Ware scheduled a new hearing in March, requiring an “update on the investigation” beforehand, according to his Jan. 20 order.

Ware’s order doesn’t say whether Hurd was able to see the documents he seeks. The new probe would be conducted by a committee of directors who joined HP after Hurd’s departure and by lawyers not involved in the shareholder litigation, according to a case-management statement filed Jan. 14.

Mylene Mangalindan, an HP spokeswoman, declined to comment on the judge’s ruling yesterday. Glenn Bunting, a spokesman for Hurd, didn’t immediately return calls and e-mails seeking comment after business hours.

The case is Levine v. Andreessen, 10-03608, U.S. District Court, Northern District of California (San Jose).

Khodorkovsky May Face Third Trial, Prosecutors Say

Mikhail Khodorkovsky, the jailed former head of Yukos Oil Co., may face a third trial in Russia if an investigation unearths further evidence against him, prosecutors said.

Russian law enforcement agencies are hunting for 18 “accomplices” of Khodorkovsky and his former business partner, Platon Lebedev, prosecutors Valery Lakhtin and Gulchekhra Ibragimova said in an interview published in the Komsomolskaya Pravda newspaper yesterday.

Khodorkovsky, once Russia’s richest man and a critic of Prime Minister Vladimir Putin, last month was sentenced to another six years beyond his eight-year prison term for fraud. He was found guilty of money laundering and of embezzling in a ruling that will keep him in jail until 2017.

The tycoon’s defense team declined to immediately comment when contacted by Bloomberg News.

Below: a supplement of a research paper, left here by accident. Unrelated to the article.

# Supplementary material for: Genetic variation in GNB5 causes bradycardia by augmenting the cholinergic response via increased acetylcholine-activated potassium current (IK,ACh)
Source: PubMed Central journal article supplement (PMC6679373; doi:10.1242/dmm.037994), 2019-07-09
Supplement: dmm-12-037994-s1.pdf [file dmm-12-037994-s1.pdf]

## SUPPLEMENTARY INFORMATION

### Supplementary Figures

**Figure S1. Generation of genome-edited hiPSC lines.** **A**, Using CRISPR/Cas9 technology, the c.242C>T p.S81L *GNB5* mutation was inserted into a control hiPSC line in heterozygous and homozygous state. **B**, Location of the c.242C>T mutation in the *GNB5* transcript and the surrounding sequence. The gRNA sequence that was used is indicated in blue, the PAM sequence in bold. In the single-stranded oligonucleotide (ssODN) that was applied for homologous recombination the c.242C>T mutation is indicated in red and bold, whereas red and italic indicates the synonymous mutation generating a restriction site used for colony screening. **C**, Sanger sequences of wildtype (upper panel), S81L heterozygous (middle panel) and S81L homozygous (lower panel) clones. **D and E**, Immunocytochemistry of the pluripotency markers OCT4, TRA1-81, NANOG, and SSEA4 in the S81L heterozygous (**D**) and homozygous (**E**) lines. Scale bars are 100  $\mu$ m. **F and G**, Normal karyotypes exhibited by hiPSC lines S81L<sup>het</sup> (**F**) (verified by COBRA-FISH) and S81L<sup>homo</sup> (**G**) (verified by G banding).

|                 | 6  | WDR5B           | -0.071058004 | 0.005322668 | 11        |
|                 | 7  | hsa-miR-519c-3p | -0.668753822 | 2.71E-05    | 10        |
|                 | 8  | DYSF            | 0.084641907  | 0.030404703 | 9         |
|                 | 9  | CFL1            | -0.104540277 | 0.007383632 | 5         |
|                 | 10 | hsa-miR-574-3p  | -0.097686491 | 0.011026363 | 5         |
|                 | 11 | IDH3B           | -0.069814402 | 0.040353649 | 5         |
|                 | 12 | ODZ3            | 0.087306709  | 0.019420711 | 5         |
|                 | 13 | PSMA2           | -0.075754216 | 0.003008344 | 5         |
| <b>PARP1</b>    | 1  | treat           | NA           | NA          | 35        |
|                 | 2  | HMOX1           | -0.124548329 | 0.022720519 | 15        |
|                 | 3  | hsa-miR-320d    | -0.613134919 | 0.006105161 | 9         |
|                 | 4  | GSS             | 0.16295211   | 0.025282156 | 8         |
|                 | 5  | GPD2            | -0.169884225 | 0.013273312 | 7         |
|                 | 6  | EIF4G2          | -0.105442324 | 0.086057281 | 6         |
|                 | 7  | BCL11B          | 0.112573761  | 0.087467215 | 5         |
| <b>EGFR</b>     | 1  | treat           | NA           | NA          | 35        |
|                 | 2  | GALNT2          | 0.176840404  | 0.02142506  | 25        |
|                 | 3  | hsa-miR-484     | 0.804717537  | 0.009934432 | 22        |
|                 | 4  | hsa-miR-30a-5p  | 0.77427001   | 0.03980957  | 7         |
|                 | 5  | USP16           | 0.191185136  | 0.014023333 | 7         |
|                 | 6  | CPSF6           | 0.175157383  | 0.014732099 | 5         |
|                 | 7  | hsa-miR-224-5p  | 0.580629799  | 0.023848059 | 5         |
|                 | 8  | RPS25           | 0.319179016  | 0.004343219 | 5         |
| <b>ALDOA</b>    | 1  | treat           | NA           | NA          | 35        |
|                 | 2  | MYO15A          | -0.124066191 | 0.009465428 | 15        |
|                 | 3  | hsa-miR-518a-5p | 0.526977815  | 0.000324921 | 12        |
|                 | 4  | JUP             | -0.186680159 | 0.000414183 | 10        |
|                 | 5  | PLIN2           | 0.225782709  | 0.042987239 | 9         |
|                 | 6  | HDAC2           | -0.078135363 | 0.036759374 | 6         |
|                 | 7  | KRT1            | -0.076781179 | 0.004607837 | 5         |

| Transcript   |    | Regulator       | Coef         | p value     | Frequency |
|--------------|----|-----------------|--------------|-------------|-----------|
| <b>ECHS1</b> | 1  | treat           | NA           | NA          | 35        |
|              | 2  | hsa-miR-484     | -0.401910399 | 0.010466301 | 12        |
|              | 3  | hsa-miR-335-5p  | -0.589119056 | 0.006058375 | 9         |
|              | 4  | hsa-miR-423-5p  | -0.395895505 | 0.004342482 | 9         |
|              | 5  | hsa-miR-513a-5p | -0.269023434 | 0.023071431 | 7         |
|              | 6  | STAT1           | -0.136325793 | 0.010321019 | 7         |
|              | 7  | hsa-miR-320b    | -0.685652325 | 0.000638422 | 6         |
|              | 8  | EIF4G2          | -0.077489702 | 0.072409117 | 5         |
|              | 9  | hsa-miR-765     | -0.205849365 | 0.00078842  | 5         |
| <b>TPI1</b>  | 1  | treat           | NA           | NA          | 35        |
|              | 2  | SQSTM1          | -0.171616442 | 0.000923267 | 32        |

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BOC Hong Kong Manager Warned Lehman Product Buyers, Court Told

A BOC Hong Kong (Holdings) Ltd. manager facing criminal charges for selling structured products linked to Lehman Brothers Holdings Inc. warned customers they could lose their money, her lawyer said.

Cheung Kwai-kwai took her customers through sales leaflets for the products, including the part showing that they weren’t principal protected, her lawyer Peter Duncan said in his closing submission yesterday in Hong Kong District Court.

Cheung, 48, pleaded not guilty to seven counts of fraudulently or recklessly inducing customers, including retirees and investors who hadn’t completed primary school, to invest a total of about $770,164 in minibonds and Constellation notes, between 2005 and 2008. Judge Garry Tallentire said yesterday the verdict would be delivered on Feb. 18.

Cheung made statements to customers that the structured products were safe, principal-protected, and failed to disclose that the risk level designated by the bank was “high,” Senior public prosecutor Jonathan Man said yesterday.

Angel Yip, a spokeswoman for BOC Hong Kong didn’t respond to an e-mailed request for comment yesterday. It was one of 16 banks that agreed to a settlement to buy back the products for at least 60 cents on the dollar.

The case is Hong Kong SAR v. Cheung Kwai Kwai, DCCC526/2010, in Hong Kong District Court.

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Singapore Criticizes Fund Managers’ ‘Window Dressing’

The Monetary Authority of Singapore said it won’t tolerate “window dressing” by fund managers in its response to an appeal against the civil stock-rigging lawsuit it won last year against Pheim Asset Management Sdn.

“Any other decision would encourage and embolden professional market players to flout the rules and undermine the integrity of the market,” the central bank said in documents filed at the Singapore High Court on Jan. 21, arguing that the appeal by Pheim and its Chief Executive Officer Tan Chong Koay should be dismissed.

Pheim and Tan, 61, have denied rigging the stock and said they’re “value” investors. They bought almost 90 percent of the traded shares of United Envirotech Ltd. from Dec. 29 to Dec. 31, 2004. The shares rose 17 percent over the three trading days and helped raise the net asset value of the fund’s accounts, triggering bonuses of S$50,790 ($39,560) and a management fee of S$115. The trial is scheduled to start the week of March 14.

Justice Lai Siu Chiu in her Sept. 17 ruling said Pheim and Tan had sought to boost their reputation instead of seeking monetary gains in rigging the stock. The MAS, which had sought a fine of S$1 million each, said in its January filing the S$250,000 penalty imposed was “amply justified.”